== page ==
By Sharon Johnson
WeNews senior correspondent
Monday, February 6, 2012
After decades of enduring frozen wages, the nation's 3.3 million tipped workers -- most of whom are women -- may receive a minimum-pay hike. This could alleviate what economist Sylvia A. Allegretto calls an under-appreciated factor in women's poverty.
"Unlike Congress, state legislatures have been more receptive to raising the sub-minimum wages of tipped workers because studies have shown that increasing the wages of tipped workers doesn't kill jobs, even during recessions, as opponents have claimed," says Marilyn Watkins, policy director of the Seattle-based Economic Opportunity Institute of Washington, a public policy center dedicated to restoring the promises of the middle class. "Indeed, higher wages benefit employers by decreasing employee turnover and improving morale and productivity."
Watkins predicts that many states will raise their minimum wage standards for tipped workers this year because of changes in the labor force. Three-fourths of the jobs added to the economy since the 2007-2009 recession have been in low-wage service sectors.
"States recognize that improving the wages of tipped workers is critical because a job should help you get out of poverty, not keep you poor," says Watkins. "More workers will be spending their careers in these industries because better-paying jobs in manufacturing and other fields are not expected to increase in the years ahead."
Madeline Talbott, chief organizer of Action Now, a Chicago-based, grassroots organization of working families that advocates for economic change, predicts that Illinois will eliminate its sub-minimum wage for tipped workers (currently $4.95 an hour) when the legislature considers a package of bills this spring to increase the overall state minimum wage from $8.25 to $10.65. Last year, a poll found that 71 percent of voters supported these changes.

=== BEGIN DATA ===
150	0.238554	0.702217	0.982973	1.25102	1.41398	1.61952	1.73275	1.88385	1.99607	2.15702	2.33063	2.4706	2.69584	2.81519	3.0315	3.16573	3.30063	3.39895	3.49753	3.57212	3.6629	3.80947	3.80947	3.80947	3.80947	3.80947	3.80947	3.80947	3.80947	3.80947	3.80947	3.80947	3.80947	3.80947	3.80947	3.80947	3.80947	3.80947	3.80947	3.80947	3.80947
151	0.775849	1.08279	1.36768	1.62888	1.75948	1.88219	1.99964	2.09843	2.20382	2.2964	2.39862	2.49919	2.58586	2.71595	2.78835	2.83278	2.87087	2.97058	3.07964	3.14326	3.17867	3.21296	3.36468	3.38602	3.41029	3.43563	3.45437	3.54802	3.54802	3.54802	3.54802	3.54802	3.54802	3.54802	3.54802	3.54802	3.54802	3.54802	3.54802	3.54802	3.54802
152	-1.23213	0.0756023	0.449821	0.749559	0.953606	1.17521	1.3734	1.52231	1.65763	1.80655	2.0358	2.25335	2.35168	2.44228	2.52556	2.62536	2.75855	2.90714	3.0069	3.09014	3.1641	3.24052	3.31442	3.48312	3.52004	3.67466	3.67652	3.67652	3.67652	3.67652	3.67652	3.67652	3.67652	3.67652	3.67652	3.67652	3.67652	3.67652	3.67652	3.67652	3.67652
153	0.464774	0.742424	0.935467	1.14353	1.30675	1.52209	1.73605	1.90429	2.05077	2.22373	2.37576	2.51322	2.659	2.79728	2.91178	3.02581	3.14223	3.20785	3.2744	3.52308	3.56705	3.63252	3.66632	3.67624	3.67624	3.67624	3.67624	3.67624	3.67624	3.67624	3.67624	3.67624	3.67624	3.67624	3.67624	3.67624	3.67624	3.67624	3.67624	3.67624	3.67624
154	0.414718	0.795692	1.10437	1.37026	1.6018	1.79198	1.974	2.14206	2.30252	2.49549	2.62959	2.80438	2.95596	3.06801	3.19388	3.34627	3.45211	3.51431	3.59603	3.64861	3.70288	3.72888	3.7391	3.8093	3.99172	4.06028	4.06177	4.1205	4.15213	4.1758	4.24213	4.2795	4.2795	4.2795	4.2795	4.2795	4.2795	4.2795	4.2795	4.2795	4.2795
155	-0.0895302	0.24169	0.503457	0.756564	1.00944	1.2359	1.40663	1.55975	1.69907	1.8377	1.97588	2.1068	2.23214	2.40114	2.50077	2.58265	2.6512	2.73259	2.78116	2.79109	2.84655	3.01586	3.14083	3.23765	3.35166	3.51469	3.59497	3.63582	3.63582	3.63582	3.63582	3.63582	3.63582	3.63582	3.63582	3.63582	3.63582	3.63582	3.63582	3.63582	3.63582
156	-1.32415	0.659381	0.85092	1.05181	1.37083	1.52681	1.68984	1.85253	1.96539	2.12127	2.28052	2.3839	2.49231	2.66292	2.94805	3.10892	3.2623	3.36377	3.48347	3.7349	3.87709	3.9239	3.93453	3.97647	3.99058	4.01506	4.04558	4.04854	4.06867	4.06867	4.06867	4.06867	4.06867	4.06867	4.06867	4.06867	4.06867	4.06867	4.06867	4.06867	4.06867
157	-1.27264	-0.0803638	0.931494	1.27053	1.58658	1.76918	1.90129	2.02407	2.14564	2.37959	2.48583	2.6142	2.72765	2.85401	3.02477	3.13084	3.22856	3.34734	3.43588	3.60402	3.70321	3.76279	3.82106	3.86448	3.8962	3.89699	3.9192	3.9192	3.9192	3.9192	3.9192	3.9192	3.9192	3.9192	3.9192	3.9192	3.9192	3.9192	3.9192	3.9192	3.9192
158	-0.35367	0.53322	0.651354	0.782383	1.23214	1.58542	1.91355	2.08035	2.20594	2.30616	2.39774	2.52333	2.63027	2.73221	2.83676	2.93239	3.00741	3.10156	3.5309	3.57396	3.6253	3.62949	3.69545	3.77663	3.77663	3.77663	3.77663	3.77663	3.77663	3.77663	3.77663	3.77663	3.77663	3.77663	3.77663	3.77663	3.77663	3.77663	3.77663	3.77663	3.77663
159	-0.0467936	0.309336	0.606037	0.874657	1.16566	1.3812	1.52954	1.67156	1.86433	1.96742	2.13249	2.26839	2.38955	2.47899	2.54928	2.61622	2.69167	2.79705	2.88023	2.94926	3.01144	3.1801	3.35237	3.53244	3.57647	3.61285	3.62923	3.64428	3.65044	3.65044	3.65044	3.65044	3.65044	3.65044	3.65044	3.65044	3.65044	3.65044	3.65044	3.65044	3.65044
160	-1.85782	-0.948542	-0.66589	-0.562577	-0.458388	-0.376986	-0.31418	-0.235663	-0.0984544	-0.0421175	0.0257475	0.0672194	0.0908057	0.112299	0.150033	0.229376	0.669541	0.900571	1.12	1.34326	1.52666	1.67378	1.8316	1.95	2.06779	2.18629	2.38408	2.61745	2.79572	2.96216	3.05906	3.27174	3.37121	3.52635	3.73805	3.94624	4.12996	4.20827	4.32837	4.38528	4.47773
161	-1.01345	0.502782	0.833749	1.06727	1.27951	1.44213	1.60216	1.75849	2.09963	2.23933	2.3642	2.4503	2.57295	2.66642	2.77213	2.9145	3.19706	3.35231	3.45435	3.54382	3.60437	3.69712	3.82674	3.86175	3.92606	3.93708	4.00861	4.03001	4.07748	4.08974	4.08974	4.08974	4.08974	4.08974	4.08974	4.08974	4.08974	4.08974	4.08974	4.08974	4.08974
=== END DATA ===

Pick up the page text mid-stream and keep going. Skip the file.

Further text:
"State legislatures are more likely to pass economic bills like this in presidential election years," says Talbott. "The recent recession -- the worst since the Great Depression of 1929 -- has shown legislators that an increase of a few hundred dollars in a tipped worker's annual wage not only benefits the worker, but the state economy. Low-wage workers spend the increased funds on groceries, school supplies for their kids and other necessities that create jobs for other workers."
"Enforcement is also crucial," says Jeff Mansfield, an organizer with Restaurant Opportunities Center of New York, which was founded after Sept. 11, 2001, to help restaurant workers displaced by the attacks on the World Trade Center. "Many tipped workers are shortchanged by employers because they don't know or understand the law."
Restaurant Opportunities Center of New York has won nine campaigns against abusive restaurants totaling over $4.9 million in discrimination and unpaid wages.
If an employee's tips plus paid wages of at least $2.13 an hour don't equal the federal minimum wage of $7.25 per hour, the employer must make up the difference. However, a national study of low-wage workers in New York, Chicago and Los Angeles in 2009 found that 30 percent of tipped workers surveyed were not paid the tipped worker minimum wage.
"Tip stealing is also common," says Mansfield. "Owners and managers often take a share of tips, even though state laws stipulate that the money belongs to the service staff. Restaurant managers may also pocket fixed gratuities or customer service changes. Many workers are afraid to report these abuses for fear that they will be fired."
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Sharon Johnson is a New York freelance writer.
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